Maybe you are under the impression that only roosters, not hens, can make a lot of noise. You would be mistaken. Although roosters crow more loudly than hens cackle, the cackling of hens can sure wake you up, or your neighbors for that matter. This is a lesson we learned after we bought 6 Wyandotte chicks, a pretty and rather large breed of chickens. From the internet we learned that roosters will start crowing at 6 months of age. Ours started at 4 months. After a visit from one of our neighbors, I started contemplating making an automated door in our chicken coop. But the need for such a device went away when our two roosters ended up in our frying pan. After that, we had no noise problems with our four hens, until they started laying eggs. Again, one of our neighbors, another one this time, came to our door with noise complaints. The hens would get out of their coop at 5:15 am and start cackling loudly. As we sleep on the other side of the house, we weren't aware of this. I promised the neighbor I would keep them inside until at least 7:00 a.m. and he was happy with that. But now I had to make some haste with getting the automated door, since I don't want to go outside at 7:00 every day. On this web page you can read all about how I created the hard- and software for a motorized chicken coop door. Perhaps you have a similar reason as I had for needing an automated door. Or, you may want to prevent foxes or ferrets getting in the coop at night. Or you may want to protect your chickens from the cold. Regardless, the software is easy to adapt to handle a number of use cases. The hardware is cheap and, as it turned out, pretty reliable (in a trial of one).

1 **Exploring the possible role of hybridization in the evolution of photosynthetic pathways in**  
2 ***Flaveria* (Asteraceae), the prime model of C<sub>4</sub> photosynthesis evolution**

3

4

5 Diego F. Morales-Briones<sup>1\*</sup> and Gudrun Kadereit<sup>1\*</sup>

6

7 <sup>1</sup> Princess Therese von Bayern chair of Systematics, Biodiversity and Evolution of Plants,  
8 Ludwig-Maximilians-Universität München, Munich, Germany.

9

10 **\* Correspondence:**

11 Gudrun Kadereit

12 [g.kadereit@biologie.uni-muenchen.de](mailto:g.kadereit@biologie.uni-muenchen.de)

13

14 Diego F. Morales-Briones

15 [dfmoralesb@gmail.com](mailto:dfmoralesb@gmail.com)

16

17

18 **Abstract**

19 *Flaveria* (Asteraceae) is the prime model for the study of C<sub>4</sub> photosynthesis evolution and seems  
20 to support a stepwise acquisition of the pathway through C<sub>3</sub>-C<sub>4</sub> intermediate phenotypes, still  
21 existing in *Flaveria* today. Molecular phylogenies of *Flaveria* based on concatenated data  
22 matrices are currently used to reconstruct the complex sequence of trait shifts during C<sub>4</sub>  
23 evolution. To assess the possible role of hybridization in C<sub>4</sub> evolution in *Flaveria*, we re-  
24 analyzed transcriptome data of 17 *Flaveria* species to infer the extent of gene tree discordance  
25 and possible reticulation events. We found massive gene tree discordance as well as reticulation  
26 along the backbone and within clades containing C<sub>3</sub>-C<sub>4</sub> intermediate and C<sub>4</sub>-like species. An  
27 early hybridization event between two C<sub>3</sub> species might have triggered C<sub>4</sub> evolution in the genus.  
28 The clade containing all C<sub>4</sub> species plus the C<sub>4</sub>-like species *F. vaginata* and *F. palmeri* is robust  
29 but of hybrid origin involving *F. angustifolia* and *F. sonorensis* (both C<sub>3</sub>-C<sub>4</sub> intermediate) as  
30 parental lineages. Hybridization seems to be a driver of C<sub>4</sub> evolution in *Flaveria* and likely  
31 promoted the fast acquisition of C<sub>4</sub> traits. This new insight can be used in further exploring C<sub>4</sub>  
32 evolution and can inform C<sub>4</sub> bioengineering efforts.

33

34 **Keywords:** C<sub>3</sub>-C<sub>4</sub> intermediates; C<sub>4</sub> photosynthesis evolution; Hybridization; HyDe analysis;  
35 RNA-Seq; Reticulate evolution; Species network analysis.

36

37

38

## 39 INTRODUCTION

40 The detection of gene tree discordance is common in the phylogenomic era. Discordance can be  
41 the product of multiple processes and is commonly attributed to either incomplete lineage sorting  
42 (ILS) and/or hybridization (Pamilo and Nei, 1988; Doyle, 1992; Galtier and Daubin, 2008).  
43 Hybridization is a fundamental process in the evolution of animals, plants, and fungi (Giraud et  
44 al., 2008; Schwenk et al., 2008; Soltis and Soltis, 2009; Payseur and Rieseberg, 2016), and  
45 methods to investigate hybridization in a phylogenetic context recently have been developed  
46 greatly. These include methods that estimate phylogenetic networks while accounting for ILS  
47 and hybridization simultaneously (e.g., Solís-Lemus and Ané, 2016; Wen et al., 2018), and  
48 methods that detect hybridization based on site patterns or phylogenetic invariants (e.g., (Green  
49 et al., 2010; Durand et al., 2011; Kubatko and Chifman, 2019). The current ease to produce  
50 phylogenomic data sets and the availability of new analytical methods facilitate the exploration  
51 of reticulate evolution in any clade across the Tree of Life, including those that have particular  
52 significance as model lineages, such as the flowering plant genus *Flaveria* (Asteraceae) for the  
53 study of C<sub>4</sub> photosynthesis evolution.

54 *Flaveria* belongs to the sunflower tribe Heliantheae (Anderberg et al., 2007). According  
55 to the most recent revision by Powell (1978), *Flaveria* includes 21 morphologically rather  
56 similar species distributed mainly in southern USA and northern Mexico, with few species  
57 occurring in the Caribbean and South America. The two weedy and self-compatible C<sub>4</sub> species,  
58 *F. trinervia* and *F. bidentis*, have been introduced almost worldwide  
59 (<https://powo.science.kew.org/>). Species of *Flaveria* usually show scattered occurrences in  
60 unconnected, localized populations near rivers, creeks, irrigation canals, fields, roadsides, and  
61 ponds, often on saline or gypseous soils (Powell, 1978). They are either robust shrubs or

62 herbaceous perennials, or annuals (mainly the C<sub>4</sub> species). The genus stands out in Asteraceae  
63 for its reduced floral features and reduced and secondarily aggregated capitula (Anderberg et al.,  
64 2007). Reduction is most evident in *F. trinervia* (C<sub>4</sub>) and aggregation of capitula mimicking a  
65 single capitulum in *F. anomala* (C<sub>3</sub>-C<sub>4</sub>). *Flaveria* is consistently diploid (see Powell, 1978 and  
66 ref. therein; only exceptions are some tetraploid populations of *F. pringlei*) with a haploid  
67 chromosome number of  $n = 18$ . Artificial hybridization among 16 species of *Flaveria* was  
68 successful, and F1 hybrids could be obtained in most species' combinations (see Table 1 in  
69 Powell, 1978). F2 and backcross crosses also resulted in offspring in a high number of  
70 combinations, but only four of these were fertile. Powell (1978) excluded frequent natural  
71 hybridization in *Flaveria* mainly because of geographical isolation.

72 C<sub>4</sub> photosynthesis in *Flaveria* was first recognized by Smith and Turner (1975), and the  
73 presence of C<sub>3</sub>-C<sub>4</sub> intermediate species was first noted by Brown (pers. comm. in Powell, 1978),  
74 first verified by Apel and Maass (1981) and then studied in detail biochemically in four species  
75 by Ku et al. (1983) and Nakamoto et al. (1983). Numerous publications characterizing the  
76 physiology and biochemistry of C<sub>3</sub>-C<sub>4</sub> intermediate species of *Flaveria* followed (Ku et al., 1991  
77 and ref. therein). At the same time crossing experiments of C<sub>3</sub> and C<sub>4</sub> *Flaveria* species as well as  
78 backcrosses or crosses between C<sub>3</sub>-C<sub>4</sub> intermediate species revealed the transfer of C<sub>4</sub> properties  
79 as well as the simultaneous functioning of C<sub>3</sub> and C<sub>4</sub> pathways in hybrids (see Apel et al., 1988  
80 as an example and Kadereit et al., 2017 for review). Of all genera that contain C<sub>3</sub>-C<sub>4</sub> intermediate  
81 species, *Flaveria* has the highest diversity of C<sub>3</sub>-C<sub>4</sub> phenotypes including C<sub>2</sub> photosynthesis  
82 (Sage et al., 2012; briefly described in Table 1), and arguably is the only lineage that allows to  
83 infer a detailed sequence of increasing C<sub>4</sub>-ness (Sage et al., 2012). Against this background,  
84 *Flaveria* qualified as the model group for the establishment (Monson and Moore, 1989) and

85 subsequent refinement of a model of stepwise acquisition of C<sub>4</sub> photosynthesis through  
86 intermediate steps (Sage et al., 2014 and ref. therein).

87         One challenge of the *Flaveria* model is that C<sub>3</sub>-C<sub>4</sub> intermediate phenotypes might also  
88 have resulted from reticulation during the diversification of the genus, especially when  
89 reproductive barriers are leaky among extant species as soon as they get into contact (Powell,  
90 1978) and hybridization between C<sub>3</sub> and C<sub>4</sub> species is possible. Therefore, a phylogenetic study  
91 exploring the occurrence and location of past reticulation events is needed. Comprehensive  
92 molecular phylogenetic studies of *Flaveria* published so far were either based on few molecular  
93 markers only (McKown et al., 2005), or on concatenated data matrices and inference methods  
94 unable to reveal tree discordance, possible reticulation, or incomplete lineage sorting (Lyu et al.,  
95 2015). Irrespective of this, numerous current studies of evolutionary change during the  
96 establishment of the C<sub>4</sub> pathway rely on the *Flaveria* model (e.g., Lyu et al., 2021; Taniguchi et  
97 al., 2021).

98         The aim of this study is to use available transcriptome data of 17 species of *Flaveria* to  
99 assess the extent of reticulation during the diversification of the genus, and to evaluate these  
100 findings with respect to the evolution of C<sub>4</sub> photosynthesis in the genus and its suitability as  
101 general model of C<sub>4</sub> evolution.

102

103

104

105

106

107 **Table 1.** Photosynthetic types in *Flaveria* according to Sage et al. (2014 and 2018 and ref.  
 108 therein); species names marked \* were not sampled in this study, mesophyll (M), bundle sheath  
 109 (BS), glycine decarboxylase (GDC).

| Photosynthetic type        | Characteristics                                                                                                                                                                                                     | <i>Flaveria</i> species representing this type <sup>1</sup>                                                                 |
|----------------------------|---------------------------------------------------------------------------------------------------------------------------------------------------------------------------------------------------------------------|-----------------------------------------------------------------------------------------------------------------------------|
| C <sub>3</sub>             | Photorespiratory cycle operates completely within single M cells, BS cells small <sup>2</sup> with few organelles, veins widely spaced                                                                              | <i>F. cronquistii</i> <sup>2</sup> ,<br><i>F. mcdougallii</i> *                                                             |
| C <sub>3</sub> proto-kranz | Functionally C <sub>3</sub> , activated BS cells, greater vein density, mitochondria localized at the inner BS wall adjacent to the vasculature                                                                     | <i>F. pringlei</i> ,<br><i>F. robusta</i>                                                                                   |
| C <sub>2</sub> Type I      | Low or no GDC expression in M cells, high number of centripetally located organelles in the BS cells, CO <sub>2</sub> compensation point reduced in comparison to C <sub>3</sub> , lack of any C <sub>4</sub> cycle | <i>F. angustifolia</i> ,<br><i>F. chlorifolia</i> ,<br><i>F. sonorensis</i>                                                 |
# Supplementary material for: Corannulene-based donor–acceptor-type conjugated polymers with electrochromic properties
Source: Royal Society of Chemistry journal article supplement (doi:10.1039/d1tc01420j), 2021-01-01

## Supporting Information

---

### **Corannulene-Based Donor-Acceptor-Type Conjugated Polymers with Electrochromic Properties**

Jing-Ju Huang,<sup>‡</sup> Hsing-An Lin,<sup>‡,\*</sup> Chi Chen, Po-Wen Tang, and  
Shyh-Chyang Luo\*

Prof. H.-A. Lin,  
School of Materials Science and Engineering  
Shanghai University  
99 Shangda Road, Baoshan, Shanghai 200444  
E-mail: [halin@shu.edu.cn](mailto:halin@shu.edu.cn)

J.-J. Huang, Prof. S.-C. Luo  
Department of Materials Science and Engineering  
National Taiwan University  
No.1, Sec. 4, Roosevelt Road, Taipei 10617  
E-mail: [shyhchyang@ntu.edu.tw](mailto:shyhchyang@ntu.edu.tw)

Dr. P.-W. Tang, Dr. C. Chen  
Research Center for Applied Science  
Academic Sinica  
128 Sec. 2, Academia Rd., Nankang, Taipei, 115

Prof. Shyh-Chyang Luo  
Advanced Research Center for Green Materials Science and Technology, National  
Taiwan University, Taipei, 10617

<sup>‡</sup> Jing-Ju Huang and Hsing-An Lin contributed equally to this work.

The software

I started out with putting my requirements on paper. In a nutshell:
* I want to keep the door open as long as possible for fresh air, but close it before the chickens want to go outside. In practice this means that the door has to go down some time before sunrise. (But not in winter, when they go outside before sunrise, we found out.)
* The door has to be controlled by moving up and down a fixed period.
* For improving reliability, the software must be able to handle sensors that detect the up and down position of the door.

Before I started writing code, I made a state machine diagram that captures the behavior of the software. The image below shows this diagram. A state machine diagram shows the various states the system can be in and the conditions that trigger a transition from one state to another. Having this diagram made it a lot easier for me to write the core functionality of the software. 

What I also included in the software was:
* A Wi-Fi client that connects the system to the internet.
* A web server serving up a page that allows me to move the door up and down.
* An NTP client that reads the current time from the internet.
* Code for reading the temperature from a Bosch BME280 weather sensor.

The hardware

For my first experiments, I used a DC motor I took from an old printer and a small motor driver. I stuck all the parts I thought I would need on a breadboard and started making the software. Here a photo of this experimental setup:

This worked very well for creating and testing the software. But this motor is absolutely too weak for lifting the actual door of the chicken coop, which is a triplex board of 300 x 200 x 4 mm. For this I found a motor with a built-in transmission and a really high torque that can be run on 12V.
The second important element is a microcontroller to control the system. I selected an ESP8285 for this task and it works very well. It is also extremely cheap, just a few euros on the well known Chinese websites. I used the Arduino development environment to write the software. It's not the best IDE, but it's free and does the job.

The full list of hardware is:
* Aslong JGB37-3530 12V DC motor with built-in transmission - 20RPM
* L298N Bipolar stepper motor and DC-motor driver
* ESP8285 Development Board
* 12-pin header for...

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